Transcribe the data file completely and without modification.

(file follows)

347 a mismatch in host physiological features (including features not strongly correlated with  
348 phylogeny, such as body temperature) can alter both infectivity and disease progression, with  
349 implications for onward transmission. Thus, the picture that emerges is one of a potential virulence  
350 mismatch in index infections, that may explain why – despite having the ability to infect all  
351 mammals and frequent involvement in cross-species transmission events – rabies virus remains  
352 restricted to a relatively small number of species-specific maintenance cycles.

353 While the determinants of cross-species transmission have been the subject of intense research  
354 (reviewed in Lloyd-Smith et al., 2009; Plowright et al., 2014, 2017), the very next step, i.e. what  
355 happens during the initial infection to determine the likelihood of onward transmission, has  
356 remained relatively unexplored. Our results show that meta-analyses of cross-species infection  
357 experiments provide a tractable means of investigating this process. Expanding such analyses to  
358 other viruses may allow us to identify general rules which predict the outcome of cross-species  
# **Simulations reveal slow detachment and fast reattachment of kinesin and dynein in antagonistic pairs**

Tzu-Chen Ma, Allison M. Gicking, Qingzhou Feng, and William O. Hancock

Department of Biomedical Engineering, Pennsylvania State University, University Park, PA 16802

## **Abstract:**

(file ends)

347 a mismatch in host physiological features (including features not strongly correlated with  
348 phylogeny, such as body temperature) can alter both infectivity and disease progression, with  
349 implications for onward transmission. Thus, the picture that emerges is one of a potential virulence  
350 mismatch in index infections, that may explain why – despite having the ability to infect all  
351 mammals and frequent involvement in cross-species transmission events – rabies virus remains  
352 restricted to a relatively small number of species-specific maintenance cycles.

353 While the determinants of cross-species transmission have been the subject of intense research  
354 (reviewed in Lloyd-Smith et al., 2009; Plowright et al., 2014, 2017), the very next step, i.e. what  
355 happens during the initial infection to determine the likelihood of onward transmission, has  
356 remained relatively unexplored. Our results show that meta-analyses of cross-species infection  
357 experiments provide a tractable means of investigating this process. Expanding such analyses to  
358 other viruses may allow us to identify general rules which predict the outcome of cross-species  
# **Simulations reveal slow detachment and fast reattachment of kinesin and dynein in antagonistic pairs**

Tzu-Chen Ma, Allison M. Gicking, Qingzhou Feng, and William O. Hancock

Department of Biomedical Engineering, Pennsylvania State University, University Park, PA 16802

## **Abstract:**